HomeEducationDoctorate (PhD & PDEng)Current candidatesPhD infoUpcoming Public DefencesPhD Defence Boudewijn van den Berg | Combined Psychophysical and Neurophysiological Tools for Mechanism-Based Observation of Impaired Nociceptive Processing

PhD Defence Boudewijn van den Berg | Combined Psychophysical and Neurophysiological Tools for Mechanism-Based Observation of Impaired Nociceptive Processing

Combined Psychophysical and Neurophysiological Tools for Mechanism-Based Observation of Impaired Nociceptive Processing

The PhD defence of Boudewijn van den Berg will take place (partly) online and can be followed by a live stream.

Boudewijn van den Berg is a PhD student in the research group Biomedical Signals and Systems (BSS). Supervisors are dr.ir. J.R. Buitenweg and prof.dr.ir. P.H. Veltink from the Faculty of Electrical Engineering, Mathematics and Computer Science (EEMCS).

Pain has an enormous impact on the lives of patients with chronic pain. Under healthy conditions, pain is caused by the activation of nociceptive Aδ- and C-fibers following actual or potential tissue damage. Patients with chronic neuropathic pain experience pain as a result of spontaneous activity and associated sensitization of neurons in the nociceptive system. Patients with chronic nociplastic pain experience pain as a result of sensitization and decreased inhibition of neurons in the nociceptive system. Diagnosis of nociplastic pain is complicated and usually takes several years. Treatment of neuropathic and nociplastic pain is challenging and relief is often not sufficient.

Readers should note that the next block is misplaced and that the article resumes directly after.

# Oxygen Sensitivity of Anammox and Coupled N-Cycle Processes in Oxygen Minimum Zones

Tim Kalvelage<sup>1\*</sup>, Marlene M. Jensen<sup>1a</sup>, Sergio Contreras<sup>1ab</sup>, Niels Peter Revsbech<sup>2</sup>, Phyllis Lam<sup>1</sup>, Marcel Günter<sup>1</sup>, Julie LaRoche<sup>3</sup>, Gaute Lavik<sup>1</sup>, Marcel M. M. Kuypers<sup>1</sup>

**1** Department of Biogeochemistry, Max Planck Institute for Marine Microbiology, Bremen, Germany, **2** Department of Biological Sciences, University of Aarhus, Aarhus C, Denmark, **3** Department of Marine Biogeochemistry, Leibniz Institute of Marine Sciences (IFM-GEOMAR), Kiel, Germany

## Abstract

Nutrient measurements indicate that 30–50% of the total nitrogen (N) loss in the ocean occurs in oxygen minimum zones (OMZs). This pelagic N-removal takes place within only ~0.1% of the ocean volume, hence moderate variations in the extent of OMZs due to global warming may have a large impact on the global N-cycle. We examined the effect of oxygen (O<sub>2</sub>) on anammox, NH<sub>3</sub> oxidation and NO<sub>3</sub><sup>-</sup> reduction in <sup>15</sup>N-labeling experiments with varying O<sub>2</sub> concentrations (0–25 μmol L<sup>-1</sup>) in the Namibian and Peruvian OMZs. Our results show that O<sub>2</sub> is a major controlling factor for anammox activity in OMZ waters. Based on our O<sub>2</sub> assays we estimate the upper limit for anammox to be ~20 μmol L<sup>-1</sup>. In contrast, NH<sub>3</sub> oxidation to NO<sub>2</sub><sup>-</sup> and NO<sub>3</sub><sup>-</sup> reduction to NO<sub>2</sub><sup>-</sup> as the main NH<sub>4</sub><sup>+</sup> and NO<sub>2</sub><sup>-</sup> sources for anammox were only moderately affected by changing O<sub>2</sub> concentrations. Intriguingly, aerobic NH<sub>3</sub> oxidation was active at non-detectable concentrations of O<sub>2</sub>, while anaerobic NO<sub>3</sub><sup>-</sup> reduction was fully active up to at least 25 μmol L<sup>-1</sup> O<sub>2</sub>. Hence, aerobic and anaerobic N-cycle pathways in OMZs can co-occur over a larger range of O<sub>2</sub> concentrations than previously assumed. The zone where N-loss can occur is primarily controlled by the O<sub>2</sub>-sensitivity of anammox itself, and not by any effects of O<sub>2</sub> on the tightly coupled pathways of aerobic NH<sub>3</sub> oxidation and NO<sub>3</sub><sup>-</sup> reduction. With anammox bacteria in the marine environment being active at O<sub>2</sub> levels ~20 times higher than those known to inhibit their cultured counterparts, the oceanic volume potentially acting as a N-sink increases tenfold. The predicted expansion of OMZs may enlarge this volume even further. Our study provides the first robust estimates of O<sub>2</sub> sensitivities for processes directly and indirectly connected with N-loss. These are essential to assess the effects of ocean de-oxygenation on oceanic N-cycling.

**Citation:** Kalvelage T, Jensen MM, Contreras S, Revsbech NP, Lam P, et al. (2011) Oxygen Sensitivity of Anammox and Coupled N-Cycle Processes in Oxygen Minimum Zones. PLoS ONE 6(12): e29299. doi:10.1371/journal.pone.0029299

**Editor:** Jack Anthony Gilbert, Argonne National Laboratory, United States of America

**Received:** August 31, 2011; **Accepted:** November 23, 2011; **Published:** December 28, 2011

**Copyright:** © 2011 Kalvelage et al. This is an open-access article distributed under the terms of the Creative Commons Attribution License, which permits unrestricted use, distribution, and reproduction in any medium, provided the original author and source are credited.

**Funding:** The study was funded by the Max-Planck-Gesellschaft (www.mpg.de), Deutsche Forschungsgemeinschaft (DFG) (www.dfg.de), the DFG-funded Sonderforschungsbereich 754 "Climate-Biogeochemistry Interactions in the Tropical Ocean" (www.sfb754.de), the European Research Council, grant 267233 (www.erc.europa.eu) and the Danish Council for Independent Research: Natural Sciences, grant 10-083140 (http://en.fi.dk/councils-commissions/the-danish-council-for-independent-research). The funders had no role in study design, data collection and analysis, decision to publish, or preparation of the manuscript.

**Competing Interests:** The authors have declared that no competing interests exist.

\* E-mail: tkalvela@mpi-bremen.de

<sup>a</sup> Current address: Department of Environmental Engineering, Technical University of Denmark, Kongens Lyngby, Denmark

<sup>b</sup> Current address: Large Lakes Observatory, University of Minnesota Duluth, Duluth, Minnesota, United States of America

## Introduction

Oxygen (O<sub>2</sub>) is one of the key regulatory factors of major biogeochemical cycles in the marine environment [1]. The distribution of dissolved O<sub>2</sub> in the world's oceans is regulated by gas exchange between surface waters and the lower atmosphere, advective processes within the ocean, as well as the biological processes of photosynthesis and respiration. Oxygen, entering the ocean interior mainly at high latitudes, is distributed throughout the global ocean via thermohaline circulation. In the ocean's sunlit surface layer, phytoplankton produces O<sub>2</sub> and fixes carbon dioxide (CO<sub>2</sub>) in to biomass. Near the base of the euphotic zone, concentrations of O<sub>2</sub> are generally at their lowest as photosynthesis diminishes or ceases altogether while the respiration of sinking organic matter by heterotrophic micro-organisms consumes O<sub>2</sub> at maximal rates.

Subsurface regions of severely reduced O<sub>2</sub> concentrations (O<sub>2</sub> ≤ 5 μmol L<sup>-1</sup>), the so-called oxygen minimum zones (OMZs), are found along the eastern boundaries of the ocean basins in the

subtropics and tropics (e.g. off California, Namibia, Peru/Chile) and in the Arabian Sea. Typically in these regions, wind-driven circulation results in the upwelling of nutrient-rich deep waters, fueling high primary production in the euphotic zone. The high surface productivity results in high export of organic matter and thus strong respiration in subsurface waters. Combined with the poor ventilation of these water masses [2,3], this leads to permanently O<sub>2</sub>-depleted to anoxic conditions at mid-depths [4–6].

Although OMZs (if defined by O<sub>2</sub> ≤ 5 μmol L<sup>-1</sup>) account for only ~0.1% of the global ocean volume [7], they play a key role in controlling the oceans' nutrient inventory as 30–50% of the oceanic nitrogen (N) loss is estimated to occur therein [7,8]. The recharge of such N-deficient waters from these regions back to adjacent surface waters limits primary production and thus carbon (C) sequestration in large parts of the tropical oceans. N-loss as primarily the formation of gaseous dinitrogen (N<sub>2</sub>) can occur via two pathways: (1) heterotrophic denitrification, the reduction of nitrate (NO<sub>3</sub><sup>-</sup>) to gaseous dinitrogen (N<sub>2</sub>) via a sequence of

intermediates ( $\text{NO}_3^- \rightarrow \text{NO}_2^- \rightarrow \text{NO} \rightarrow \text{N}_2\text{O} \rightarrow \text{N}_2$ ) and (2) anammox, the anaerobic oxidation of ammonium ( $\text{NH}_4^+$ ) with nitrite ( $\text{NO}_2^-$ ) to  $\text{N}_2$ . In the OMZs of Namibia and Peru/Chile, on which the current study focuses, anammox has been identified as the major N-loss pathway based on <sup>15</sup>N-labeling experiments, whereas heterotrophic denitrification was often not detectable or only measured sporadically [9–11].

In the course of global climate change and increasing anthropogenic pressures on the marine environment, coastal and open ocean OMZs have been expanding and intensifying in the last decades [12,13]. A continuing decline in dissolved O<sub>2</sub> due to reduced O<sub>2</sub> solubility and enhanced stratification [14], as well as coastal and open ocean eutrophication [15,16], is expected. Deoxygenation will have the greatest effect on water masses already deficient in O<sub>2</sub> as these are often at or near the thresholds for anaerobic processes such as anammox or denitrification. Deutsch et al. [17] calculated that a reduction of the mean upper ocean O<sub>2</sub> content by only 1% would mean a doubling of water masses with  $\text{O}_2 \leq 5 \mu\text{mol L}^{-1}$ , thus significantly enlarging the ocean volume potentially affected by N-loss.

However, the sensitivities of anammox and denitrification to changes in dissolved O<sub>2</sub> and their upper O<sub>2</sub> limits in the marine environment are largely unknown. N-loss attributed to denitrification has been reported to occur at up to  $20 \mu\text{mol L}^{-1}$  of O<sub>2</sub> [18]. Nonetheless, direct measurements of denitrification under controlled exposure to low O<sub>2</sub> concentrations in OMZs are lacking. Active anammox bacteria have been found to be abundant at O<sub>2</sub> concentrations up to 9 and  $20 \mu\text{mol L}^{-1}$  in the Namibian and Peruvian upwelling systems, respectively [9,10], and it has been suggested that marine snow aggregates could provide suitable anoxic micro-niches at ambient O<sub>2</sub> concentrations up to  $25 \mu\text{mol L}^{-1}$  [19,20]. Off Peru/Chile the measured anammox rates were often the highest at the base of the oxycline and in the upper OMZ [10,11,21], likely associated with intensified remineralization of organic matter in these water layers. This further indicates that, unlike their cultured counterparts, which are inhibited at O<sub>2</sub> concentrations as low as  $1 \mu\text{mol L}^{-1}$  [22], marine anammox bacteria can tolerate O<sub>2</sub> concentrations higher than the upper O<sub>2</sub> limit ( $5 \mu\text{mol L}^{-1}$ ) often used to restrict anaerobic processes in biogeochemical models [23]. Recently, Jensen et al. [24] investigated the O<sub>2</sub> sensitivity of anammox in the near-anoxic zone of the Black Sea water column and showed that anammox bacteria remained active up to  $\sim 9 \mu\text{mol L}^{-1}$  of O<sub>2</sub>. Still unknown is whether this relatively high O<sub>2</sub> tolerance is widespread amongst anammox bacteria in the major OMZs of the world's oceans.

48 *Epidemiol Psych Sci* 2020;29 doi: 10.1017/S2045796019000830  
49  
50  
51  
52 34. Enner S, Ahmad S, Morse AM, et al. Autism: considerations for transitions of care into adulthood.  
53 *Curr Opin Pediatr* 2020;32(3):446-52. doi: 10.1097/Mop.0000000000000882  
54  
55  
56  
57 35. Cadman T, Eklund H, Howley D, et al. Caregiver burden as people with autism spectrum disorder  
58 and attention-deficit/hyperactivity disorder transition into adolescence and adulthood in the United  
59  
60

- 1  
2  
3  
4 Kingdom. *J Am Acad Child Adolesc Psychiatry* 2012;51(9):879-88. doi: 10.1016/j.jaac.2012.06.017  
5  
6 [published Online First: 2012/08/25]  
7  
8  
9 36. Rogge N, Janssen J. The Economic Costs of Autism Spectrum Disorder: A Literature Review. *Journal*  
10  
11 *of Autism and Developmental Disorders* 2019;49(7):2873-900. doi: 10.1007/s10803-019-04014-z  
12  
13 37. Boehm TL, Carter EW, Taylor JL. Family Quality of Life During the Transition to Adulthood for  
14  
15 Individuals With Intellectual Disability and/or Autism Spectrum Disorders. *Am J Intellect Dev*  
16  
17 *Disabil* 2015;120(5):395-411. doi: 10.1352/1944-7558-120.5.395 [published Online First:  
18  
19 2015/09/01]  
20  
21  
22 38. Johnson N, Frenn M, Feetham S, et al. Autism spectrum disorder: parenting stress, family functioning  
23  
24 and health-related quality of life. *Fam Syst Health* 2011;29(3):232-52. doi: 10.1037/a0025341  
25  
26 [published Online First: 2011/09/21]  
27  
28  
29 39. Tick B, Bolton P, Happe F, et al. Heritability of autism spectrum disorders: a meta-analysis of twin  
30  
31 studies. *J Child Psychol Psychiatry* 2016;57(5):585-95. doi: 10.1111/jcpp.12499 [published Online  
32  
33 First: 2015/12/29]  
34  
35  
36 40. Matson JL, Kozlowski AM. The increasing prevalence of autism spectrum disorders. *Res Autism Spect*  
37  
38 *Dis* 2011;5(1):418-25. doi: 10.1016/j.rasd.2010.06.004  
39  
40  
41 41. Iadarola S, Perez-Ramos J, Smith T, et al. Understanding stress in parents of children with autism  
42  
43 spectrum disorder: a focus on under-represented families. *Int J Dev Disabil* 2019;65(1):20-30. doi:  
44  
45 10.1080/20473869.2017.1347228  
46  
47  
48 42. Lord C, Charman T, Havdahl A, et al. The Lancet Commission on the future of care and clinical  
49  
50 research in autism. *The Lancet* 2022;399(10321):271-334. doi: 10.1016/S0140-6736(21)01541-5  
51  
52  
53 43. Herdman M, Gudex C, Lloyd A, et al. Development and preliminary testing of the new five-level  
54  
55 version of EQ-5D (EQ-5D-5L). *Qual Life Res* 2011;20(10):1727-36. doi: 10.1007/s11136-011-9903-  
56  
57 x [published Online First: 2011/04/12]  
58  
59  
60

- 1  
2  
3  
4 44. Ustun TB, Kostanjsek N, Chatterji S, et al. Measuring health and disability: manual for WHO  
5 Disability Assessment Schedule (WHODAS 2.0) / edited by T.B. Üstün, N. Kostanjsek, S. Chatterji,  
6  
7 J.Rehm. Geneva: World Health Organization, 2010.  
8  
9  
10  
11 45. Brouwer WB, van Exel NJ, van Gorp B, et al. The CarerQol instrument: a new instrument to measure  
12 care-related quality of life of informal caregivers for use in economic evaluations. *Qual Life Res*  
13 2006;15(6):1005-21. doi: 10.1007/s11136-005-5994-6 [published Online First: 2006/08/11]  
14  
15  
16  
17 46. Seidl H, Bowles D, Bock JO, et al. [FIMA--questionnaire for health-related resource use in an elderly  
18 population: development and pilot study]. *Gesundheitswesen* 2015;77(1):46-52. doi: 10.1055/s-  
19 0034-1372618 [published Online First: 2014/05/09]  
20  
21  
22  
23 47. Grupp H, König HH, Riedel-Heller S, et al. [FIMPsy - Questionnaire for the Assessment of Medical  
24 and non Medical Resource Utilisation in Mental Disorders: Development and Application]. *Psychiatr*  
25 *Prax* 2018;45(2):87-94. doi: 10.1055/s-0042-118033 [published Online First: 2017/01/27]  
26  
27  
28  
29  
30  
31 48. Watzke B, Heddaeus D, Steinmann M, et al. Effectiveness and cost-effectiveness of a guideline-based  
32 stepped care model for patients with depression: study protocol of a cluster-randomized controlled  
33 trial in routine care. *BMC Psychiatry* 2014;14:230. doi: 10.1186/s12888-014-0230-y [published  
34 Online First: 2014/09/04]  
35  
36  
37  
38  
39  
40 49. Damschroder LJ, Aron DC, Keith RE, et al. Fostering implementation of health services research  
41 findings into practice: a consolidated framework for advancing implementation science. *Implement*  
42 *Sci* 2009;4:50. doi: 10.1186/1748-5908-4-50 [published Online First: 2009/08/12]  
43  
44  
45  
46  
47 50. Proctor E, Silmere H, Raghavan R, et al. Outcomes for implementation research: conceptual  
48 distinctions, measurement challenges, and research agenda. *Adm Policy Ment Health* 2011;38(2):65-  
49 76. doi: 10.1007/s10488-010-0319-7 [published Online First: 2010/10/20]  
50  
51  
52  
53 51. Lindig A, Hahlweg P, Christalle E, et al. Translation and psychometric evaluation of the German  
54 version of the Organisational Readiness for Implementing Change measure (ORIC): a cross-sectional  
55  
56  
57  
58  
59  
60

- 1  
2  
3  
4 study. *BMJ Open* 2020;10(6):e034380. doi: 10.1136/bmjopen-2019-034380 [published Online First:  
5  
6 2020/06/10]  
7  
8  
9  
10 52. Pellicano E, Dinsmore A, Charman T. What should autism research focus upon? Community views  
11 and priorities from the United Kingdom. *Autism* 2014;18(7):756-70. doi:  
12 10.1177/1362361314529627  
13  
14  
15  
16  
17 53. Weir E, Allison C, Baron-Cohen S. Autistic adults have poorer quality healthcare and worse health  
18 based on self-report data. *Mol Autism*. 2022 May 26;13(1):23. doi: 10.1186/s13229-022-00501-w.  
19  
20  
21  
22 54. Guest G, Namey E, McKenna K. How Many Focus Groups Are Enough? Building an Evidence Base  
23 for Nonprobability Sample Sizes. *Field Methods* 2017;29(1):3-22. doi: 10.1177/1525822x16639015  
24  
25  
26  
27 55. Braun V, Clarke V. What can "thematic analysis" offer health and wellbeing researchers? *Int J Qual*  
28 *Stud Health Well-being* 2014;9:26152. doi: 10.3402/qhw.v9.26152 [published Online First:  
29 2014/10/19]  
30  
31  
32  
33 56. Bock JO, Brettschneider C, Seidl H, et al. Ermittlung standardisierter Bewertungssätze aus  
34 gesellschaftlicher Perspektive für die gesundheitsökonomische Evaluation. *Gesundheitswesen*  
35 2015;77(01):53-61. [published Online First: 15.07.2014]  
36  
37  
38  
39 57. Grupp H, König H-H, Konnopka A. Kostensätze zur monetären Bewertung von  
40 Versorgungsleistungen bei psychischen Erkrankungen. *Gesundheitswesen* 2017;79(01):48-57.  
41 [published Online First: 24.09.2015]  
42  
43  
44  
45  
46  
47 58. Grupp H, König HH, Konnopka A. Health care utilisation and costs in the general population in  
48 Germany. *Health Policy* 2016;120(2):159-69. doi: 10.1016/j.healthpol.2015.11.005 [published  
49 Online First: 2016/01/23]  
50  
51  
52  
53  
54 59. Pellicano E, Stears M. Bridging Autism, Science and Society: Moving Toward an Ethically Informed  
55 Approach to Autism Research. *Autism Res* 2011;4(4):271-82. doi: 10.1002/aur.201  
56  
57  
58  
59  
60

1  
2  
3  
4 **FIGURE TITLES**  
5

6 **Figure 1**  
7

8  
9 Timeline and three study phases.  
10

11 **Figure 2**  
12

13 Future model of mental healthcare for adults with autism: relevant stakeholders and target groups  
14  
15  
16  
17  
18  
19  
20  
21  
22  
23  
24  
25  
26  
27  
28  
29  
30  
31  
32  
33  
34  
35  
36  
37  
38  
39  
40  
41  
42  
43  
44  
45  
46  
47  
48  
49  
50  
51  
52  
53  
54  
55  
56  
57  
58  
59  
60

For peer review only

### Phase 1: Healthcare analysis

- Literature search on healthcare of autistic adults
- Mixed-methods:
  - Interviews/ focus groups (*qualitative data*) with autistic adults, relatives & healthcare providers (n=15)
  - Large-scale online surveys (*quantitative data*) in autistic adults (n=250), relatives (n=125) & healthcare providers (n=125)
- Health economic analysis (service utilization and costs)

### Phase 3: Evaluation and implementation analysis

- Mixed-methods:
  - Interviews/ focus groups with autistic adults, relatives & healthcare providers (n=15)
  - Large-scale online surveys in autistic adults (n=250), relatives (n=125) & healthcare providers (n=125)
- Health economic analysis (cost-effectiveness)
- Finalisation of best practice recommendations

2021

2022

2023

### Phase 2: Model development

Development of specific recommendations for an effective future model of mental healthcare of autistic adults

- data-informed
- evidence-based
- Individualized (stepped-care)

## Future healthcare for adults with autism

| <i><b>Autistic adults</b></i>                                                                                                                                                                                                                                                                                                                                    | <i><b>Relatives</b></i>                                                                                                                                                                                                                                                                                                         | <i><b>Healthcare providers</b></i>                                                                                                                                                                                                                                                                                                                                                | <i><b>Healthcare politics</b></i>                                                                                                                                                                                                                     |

A mechanism-based approach could enable early diagnosis and effective treatment of neuropathic, nociplastic and mixed pain patients. Therefore, the goal of this thesis was ‘to develop combined psychophysical and neurophysiological tools for mechanism-based observation of impaired nociceptive processing’. The strategy was to combine psychophysical methods with neurophysiological techniques to provide mechanism-based information on nociceptive function.

The studies presented in this thesis describe the technical development and exploration of a method to observe nociceptive processing using intra-epidermal electric detection thresholds and evoked potentials, including the exploration of feasibility and utility of this method in a clinical setting. In addition, other novel technologies are explored, which could improve identification of impaired nociceptive processing in future projects.

It is shown that it is possible to simultaneously measure intra-epidermal evoked potentials, detection thresholds and the effect of stimulus properties on both outcomes in a clinical setting, and that we might use these outcomes for the observation of impaired nociceptive processing. The novel technologies that are presented in this work are still in a low technology readiness level but can aid observation of impaired nociceptive processing in future scientific and clinical applications.